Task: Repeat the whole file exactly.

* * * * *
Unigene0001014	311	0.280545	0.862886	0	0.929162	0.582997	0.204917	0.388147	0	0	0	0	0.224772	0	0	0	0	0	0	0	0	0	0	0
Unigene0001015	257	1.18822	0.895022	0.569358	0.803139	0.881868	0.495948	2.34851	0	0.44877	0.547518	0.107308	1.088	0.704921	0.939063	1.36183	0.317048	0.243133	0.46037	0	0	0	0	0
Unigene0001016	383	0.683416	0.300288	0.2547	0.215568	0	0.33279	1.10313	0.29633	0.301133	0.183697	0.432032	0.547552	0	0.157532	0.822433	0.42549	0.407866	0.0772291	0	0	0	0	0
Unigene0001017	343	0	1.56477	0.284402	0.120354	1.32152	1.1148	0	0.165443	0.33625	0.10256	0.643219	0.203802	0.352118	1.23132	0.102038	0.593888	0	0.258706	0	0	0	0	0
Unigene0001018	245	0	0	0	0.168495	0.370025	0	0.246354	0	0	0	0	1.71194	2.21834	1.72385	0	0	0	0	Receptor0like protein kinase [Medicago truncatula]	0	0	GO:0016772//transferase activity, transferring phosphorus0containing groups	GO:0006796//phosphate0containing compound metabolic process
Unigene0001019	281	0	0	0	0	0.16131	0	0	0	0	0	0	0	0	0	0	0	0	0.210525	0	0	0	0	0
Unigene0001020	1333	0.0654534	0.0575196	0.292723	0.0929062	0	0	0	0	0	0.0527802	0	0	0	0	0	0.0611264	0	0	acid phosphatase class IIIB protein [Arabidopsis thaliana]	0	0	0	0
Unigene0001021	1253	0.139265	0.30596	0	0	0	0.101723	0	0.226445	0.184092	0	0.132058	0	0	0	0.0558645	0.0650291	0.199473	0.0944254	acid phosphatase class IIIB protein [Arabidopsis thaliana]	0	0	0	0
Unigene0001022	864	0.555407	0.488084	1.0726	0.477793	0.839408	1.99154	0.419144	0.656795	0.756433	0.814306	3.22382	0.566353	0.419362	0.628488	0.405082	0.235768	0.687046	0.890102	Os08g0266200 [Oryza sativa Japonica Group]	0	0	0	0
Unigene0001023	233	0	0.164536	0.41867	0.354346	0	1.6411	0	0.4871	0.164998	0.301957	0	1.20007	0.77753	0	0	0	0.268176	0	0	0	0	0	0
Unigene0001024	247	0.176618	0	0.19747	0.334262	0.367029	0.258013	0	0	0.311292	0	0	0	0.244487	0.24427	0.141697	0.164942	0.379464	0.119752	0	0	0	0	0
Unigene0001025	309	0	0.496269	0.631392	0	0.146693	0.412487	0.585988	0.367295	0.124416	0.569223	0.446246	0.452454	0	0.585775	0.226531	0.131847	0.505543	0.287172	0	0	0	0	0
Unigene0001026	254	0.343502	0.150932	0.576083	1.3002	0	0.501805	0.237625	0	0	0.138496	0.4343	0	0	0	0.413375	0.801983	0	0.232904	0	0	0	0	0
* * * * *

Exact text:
Unigene0001014	311	0.280545	0.862886	0	0.929162	0.582997	0.204917	0.388147	0	0	0	0	0.224772	0	0	0	0	0	0	0	0	0	0	0
Unigene0001015	257	1.18822	0.895022	0.569358	0.803139	0.881868	0.495948	2.34851	0	0.44877	0.547518	0.107308	1.088	0.704921	0.939063	1.36183	0.317048	0.243133	0.46037	0	0	0	0	0
Unigene0001016	383	0.683416	0.300288	0.2547	0.215568	0	0.33279	1.10313	0.29633	0.301133	0.183697	0.432032	0.547552	0	0.157532	0.822433	0.42549	0.407866	0.0772291	0	0	0	0	0
Unigene0001017	343	0	1.56477	0.284402	0.120354	1.32152	1.1148	0	0.165443	0.33625	0.10256	0.643219	0.203802	0.352118	1.23132	0.102038	0.593888	0	0.258706	0	0	0	0	0
Unigene0001018	245	0	0	0	0.168495	0.370025	0	0.246354	0	0	0	0	1.71194	2.21834	1.72385	0	0	0	0	Receptor0like protein kinase [Medicago truncatula]	0	0	GO:0016772//transferase activity, transferring phosphorus0containing groups	GO:0006796//phosphate0containing compound metabolic process
Unigene0001019	281	0	0	0	0	0.16131	0	0	0	0	0	0	0	0	0	0	0	0	0.210525	0	0	0	0	0
Unigene0001020	1333	0.0654534	0.0575196	0.292723	0.0929062	0	0	0	0	0	0.0527802	0	0	0	0	0	0.0611264	0	0	acid phosphatase class IIIB protein [Arabidopsis thaliana]	0	0	0	0
Unigene0001021	1253	0.139265	0.30596	0	0	0	0.101723	0	0.226445	0.184092	0	0.132058	0	0	0	0.0558645	0.0650291	0.199473	0.0944254	acid phosphatase class IIIB protein [Arabidopsis thaliana]	0	0	0	0
Unigene0001022	864	0.555407	0.488084	1.0726	0.477793	0.839408	1.99154	0.419144	0.656795	0.756433	0.814306	3.22382	0.566353	0.419362	0.628488	0.405082	0.235768	0.687046	0.890102	Os08g0266200 [Oryza sativa Japonica Group]	0	0	0	0
Unigene0001023	233	0	0.164536	0.41867	0.354346	0	1.6411	0	0.4871	0.164998	0.301957	0	1.20007	0.77753	0	0	0	0.268176	0	0	0	0	0	0
Unigene0001024	247	0.176618	0	0.19747	0.334262	0.367029	0.258013	0	0	0.311292	0	0	0	0.244487	0.24427	0.141697	0.164942	0.379464	0.119752	0	0	0	0	0
Unigene0001025	309	0	0.496269	0.631392	0	0.146693	0.412487	0.585988	0.367295	0.124416	0.569223	0.446246	0.452454	0	0.585775	0.226531	0.131847	0.505543	0.287172	0	0	0	0	0
Unigene0001026	254	0.343502	0.150932	0.576083	1.3002	0	0.501805	0.237625	0	0	0.138496	0.4343	0	0	0	0.413375	0.801983	0	0.232904	0	0	0	0	0